Archive | August, 2018

Complex Puzzles to Ponder

28 Aug

More naps these days

I’ve been told, by some, that I have very little patience.

It’s not true!

I have very little patience with incompetence.  I have very little patience with laziness.  And I have very little patience with rudeness/disrespect.  Other than those three things, I’m a pretty laid-back kind of guy.  Is it my fault that so many people are either lazy, incompetent, or rude?


I’ve also been told that I look grumpy all the time.

Also not true!  I don’t smile that often because I don’t like my teeth, so rarely will you see an openmouthed smile or laugh from me.  But I do smirk quite often.  Someone once said I have a RBF . . . if you know what that means then you get it . . . if you don’t know what it means, I can’t say it because one word is a bit insensitive.

Oddly, if you listen to me talk, you’ll notice that my voice sounds friendly and happy, in contrast to my resting face.  Someone also told me I have friendly, loving eyes, so toss that into the mix.

And what is this all about?


We are complex creatures, and I always try to remember that when creating characters for a novel or short story.   Characters need to seem real.  They need to seem human, and in order to achieve that, they must be as complex as real human beings.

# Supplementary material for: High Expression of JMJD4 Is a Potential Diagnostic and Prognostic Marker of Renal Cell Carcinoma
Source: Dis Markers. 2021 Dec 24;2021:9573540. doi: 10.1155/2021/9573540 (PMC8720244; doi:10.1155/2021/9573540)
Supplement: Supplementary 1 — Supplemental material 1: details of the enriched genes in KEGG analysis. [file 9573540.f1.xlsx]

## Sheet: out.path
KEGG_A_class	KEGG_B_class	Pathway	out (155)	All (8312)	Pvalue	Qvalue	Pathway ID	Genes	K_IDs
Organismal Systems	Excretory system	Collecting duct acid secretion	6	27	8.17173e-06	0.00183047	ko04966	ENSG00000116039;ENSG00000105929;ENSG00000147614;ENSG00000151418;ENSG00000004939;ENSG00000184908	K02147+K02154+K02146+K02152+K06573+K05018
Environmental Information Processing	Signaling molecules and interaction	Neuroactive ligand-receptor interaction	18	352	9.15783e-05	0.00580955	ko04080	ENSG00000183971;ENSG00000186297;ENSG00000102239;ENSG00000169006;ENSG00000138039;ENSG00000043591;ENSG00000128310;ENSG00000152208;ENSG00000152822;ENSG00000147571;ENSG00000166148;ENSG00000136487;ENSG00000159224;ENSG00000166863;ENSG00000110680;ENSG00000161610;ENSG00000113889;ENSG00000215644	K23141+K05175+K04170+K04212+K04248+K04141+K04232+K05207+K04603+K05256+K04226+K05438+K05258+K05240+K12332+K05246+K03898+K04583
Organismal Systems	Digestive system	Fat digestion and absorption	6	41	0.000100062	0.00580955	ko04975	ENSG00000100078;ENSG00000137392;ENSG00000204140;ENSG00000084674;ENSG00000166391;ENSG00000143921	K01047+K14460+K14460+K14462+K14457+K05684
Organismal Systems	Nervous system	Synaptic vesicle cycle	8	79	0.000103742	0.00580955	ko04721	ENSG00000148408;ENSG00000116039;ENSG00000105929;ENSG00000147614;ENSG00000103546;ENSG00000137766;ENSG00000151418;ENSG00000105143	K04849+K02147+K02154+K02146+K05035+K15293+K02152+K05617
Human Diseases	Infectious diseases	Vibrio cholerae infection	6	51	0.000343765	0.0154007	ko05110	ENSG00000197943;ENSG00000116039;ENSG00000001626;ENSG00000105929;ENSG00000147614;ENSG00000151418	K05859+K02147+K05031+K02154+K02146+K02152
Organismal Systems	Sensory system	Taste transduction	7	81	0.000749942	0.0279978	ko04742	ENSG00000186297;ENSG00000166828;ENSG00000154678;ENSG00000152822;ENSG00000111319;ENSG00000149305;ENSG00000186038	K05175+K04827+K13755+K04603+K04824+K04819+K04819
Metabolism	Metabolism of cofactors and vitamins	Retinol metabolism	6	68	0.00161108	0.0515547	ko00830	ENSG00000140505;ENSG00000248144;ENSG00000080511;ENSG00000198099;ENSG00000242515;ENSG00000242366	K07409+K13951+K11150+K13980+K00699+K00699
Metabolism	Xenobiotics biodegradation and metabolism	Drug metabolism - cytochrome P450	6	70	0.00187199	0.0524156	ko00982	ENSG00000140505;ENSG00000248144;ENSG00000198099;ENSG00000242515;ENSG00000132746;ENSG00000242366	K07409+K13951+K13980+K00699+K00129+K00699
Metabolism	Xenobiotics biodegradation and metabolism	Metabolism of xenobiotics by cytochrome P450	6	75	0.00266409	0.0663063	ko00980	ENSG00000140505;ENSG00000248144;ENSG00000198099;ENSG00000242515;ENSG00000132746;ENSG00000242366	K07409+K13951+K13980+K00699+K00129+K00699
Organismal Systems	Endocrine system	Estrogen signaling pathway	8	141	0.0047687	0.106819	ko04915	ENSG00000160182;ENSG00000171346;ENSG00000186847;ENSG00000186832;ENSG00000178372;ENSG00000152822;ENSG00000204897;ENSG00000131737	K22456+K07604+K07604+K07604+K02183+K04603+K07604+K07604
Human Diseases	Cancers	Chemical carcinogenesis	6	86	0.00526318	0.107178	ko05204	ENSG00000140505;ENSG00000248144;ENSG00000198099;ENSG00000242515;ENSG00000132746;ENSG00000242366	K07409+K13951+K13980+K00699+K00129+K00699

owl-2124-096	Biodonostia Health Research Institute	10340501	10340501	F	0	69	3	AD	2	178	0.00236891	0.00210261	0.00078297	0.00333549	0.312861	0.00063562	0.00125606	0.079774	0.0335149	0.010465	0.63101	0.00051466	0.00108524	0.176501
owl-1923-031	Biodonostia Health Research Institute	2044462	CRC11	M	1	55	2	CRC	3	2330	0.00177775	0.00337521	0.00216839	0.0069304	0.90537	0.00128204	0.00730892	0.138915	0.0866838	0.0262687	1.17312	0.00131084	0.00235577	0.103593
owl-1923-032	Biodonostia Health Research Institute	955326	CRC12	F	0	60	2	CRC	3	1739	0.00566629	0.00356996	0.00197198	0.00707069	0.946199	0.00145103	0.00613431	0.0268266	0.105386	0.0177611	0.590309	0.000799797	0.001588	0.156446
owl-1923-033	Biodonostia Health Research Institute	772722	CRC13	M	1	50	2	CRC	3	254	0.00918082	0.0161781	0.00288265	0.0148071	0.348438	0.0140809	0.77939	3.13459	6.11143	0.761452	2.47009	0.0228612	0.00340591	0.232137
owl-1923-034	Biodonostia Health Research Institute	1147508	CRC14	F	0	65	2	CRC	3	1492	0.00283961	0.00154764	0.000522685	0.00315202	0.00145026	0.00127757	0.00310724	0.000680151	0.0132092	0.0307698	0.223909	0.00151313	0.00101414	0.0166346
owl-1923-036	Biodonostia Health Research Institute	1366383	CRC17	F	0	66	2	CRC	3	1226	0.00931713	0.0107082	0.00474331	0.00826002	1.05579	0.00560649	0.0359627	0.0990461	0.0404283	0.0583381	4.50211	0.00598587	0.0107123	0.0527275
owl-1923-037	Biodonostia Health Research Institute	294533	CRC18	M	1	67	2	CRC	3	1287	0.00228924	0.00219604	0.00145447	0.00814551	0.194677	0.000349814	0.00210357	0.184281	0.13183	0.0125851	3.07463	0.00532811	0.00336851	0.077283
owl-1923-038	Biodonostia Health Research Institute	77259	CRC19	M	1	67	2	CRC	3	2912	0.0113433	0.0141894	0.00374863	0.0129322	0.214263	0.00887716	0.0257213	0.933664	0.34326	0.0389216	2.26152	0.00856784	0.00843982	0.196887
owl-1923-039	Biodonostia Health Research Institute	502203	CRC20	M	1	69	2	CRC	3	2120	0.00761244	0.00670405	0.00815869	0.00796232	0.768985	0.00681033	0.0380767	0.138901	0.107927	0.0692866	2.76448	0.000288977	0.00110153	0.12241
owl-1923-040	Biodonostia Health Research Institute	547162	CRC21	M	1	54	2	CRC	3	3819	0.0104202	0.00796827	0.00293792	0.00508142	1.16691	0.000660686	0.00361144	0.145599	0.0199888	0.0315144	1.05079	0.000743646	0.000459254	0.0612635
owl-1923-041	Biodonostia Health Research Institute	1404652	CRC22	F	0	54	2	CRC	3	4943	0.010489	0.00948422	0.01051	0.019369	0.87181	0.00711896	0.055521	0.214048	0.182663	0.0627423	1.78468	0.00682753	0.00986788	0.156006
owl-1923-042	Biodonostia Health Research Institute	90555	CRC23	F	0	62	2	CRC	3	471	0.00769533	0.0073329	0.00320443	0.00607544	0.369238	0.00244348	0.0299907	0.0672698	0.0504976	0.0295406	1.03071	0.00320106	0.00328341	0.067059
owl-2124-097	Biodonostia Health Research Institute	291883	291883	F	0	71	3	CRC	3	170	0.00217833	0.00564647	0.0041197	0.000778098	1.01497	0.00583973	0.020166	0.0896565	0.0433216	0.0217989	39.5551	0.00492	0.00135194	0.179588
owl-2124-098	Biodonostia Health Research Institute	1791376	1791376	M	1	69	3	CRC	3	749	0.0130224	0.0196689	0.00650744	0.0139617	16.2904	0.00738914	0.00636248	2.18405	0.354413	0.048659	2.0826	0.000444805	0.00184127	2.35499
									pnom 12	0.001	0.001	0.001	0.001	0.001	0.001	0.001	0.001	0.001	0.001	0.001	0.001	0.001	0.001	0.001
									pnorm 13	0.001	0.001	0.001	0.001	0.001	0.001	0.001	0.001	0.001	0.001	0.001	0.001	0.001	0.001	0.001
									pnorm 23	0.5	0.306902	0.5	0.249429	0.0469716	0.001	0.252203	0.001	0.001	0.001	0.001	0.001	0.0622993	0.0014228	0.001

Just something to ponder as you go about your week of writing.

A former middle school student of mine, from 2012, just got married this weekend.  I cried when I saw the notice.  Complexities . . .


I’ve said that many times, but actually it’s not a true statement.  I probably could write poetry if I chose too.  I’m not certain it would be any good, but I could manufacture something if the spirit moved me in that direction.  Heck, I could write song lyrics if I really wanted to do so.

But I don’t!  I love creative writing.  This is what I’m good at, and I suspect part of the reason I’m good at it is because I love it.  Since I have a limited number of years remaining, I see no reason to venture down a brand new path and attempt poetry.  I think I’ll just try to become the best damned creative writer  I can be in the time I have remaining.


I was watching a documentary yesterday about the defense lawyer who represented Bundy in the late 70’s, John Henry Browne.  Several times during the show, Browne called Bundy pure evil.

As many of you know, Bundy was our paperboy when I was growing up in Tacoma, Washington.  He has always fascinated me . . . this concept of pure evil fascinates me . . . people do evil things, for sure, but are they pure evil?